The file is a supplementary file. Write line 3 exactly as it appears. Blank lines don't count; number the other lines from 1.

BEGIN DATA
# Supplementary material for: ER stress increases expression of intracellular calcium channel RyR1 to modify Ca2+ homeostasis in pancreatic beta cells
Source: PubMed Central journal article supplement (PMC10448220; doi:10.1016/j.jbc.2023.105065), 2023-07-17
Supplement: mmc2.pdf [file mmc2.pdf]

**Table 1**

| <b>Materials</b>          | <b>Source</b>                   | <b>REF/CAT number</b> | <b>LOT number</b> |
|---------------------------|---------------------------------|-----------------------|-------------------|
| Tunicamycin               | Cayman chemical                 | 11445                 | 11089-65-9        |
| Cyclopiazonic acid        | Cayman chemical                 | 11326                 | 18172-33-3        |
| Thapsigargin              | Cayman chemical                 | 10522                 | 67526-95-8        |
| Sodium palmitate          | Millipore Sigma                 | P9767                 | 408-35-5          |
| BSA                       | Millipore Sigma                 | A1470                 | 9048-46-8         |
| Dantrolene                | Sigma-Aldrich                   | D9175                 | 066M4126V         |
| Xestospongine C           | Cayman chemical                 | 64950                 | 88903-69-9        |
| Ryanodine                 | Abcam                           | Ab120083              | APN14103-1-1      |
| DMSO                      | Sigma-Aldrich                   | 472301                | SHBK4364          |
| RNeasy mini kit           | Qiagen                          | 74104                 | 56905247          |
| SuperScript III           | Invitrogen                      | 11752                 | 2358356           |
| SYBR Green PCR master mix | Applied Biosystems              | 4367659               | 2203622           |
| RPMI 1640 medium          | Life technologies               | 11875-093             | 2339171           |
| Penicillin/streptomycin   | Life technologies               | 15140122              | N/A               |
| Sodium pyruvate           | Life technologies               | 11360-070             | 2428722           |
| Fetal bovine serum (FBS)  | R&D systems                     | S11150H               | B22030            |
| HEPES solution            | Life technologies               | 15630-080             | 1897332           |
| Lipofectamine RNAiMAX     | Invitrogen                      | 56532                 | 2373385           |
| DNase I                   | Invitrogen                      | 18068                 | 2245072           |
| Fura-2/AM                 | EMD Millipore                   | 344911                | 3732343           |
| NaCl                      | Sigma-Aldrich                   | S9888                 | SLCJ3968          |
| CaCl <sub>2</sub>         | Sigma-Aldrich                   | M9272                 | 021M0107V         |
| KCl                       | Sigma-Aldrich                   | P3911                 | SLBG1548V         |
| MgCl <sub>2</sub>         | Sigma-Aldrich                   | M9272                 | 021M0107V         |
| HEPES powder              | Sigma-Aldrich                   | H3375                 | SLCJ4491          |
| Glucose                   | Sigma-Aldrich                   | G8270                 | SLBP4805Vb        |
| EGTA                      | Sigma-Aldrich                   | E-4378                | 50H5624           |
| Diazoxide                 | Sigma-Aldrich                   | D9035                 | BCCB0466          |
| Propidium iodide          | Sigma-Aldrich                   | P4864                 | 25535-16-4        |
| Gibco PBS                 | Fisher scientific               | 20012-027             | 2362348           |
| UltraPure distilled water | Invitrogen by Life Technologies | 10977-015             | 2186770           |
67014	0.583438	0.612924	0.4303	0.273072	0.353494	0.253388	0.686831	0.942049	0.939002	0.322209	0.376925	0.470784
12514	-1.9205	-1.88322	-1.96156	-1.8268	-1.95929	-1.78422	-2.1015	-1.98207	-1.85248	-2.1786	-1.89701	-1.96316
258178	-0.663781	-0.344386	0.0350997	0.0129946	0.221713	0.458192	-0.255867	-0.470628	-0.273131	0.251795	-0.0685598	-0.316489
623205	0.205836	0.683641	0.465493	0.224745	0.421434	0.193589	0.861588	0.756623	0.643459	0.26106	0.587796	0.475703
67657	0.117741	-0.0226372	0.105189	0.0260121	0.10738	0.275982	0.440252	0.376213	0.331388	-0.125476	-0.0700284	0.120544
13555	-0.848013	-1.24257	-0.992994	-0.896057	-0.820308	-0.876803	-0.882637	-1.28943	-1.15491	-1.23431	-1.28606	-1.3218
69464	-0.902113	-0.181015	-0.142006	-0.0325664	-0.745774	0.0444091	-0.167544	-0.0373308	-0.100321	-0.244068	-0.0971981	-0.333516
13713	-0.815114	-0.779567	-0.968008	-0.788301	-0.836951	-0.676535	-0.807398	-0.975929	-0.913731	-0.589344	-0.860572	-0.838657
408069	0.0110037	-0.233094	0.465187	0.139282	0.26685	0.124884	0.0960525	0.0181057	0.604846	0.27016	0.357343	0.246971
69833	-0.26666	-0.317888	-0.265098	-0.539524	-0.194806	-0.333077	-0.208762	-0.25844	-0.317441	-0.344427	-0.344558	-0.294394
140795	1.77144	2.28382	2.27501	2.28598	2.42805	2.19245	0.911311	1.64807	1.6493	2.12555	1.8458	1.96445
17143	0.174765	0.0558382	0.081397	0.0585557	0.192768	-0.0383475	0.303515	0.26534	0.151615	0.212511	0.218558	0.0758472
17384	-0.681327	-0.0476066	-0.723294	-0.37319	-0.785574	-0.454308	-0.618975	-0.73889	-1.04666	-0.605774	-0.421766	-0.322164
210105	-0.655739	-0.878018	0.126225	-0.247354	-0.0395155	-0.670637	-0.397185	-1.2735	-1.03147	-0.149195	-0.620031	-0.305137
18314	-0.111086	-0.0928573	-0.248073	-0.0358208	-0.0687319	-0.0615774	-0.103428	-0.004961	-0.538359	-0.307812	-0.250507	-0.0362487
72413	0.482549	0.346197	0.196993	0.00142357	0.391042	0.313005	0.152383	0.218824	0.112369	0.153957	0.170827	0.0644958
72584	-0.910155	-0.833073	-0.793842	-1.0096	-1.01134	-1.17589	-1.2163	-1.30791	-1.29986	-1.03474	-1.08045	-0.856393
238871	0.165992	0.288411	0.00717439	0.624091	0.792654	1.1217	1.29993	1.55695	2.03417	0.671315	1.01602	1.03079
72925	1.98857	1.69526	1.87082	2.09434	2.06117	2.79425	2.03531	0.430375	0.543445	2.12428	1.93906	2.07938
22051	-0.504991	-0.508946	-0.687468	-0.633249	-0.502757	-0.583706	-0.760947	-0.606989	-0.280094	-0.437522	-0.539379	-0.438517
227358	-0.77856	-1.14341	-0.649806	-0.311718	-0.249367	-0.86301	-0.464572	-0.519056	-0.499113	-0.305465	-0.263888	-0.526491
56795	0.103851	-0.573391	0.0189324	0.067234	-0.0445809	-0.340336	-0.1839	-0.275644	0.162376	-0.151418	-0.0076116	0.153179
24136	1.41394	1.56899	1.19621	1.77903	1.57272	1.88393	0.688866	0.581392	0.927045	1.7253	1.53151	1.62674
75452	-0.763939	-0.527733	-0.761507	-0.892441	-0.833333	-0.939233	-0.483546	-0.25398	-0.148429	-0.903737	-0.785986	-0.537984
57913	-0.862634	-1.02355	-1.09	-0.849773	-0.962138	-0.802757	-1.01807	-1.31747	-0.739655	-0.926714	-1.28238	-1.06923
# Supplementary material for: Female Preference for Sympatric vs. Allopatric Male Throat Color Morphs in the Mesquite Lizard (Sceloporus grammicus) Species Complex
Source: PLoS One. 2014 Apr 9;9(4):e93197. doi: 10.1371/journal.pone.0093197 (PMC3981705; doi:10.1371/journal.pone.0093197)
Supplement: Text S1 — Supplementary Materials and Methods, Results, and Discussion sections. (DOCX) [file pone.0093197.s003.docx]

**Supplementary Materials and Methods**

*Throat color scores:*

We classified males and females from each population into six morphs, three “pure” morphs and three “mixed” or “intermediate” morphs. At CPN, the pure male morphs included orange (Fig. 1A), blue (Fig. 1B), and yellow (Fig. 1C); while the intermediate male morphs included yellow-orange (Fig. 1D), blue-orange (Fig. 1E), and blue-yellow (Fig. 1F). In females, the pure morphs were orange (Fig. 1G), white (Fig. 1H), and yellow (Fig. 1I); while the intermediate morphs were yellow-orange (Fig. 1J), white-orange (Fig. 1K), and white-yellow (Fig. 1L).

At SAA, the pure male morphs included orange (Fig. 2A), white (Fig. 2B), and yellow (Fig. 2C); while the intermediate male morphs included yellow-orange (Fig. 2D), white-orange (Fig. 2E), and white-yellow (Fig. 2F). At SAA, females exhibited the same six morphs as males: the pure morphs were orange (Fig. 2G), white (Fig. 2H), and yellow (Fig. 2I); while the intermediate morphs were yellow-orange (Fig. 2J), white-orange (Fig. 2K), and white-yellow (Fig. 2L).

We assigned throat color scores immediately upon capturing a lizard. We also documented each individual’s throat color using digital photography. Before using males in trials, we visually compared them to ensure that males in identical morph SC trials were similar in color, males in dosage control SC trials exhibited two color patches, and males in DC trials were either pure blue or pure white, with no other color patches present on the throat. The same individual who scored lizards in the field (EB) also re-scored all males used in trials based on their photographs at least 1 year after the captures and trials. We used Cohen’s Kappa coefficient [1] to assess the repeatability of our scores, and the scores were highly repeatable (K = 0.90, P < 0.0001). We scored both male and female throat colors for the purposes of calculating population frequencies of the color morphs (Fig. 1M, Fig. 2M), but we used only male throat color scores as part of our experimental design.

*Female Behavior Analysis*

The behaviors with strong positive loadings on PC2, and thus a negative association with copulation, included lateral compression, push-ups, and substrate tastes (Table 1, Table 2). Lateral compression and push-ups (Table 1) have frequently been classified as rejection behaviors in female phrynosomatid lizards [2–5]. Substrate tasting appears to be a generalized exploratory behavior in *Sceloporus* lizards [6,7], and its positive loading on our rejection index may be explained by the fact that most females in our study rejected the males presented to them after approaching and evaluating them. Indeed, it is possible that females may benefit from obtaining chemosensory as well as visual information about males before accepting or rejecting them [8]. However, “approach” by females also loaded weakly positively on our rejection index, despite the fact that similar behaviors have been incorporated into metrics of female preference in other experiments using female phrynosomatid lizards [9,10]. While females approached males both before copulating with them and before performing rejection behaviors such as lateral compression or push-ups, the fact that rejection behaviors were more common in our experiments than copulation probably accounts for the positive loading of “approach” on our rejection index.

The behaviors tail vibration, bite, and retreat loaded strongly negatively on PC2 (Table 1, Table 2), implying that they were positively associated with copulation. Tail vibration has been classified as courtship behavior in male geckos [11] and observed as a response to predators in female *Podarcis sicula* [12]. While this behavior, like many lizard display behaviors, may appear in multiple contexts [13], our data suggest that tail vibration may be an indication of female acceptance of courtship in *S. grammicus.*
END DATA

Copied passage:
Supplement: mmc2.pdf [file mmc2.pdf]